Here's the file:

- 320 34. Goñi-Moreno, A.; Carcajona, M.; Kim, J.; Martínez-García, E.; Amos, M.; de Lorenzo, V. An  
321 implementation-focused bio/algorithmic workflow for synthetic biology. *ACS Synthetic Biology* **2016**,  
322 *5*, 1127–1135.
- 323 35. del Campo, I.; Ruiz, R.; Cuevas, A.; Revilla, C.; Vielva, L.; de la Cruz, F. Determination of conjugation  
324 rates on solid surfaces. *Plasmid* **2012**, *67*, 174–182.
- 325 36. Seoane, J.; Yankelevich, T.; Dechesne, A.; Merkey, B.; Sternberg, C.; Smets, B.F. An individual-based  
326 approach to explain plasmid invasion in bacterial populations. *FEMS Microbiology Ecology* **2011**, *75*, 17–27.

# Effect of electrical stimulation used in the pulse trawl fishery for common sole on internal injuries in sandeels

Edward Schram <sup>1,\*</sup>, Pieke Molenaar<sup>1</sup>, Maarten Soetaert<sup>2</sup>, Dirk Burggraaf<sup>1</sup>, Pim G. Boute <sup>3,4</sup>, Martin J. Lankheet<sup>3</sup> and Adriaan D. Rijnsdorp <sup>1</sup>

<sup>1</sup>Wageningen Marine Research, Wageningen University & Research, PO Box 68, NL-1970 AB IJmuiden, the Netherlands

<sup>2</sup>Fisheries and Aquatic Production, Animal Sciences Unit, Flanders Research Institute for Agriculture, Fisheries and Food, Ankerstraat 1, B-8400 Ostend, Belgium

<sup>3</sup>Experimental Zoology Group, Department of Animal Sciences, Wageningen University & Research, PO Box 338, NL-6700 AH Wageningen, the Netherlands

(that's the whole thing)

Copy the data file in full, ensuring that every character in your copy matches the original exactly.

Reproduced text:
- 320 34. Goñi-Moreno, A.; Carcajona, M.; Kim, J.; Martínez-García, E.; Amos, M.; de Lorenzo, V. An  
321 implementation-focused bio/algorithmic workflow for synthetic biology. *ACS Synthetic Biology* **2016**,  
322 *5*, 1127–1135.
- 323 35. del Campo, I.; Ruiz, R.; Cuevas, A.; Revilla, C.; Vielva, L.; de la Cruz, F. Determination of conjugation  
324 rates on solid surfaces. *Plasmid* **2012**, *67*, 174–182.
- 325 36. Seoane, J.; Yankelevich, T.; Dechesne, A.; Merkey, B.; Sternberg, C.; Smets, B.F. An individual-based  
326 approach to explain plasmid invasion in bacterial populations. *FEMS Microbiology Ecology* **2011**, *75*, 17–27.

# Effect of electrical stimulation used in the pulse trawl fishery for common sole on internal injuries in sandeels

Edward Schram <sup>1,\*</sup>, Pieke Molenaar<sup>1</sup>, Maarten Soetaert<sup>2</sup>, Dirk Burggraaf<sup>1</sup>, Pim G. Boute <sup>3,4</sup>, Martin J. Lankheet<sup>3</sup> and Adriaan D. Rijnsdorp <sup>1</sup>

<sup>1</sup>Wageningen Marine Research, Wageningen University & Research, PO Box 68, NL-1970 AB IJmuiden, the Netherlands

<sup>2</sup>Fisheries and Aquatic Production, Animal Sciences Unit, Flanders Research Institute for Agriculture, Fisheries and Food, Ankerstraat 1, B-8400 Ostend, Belgium

<sup>3</sup>Experimental Zoology Group, Department of Animal Sciences, Wageningen University & Research, PO Box 338, NL-6700 AH Wageningen, the Netherlands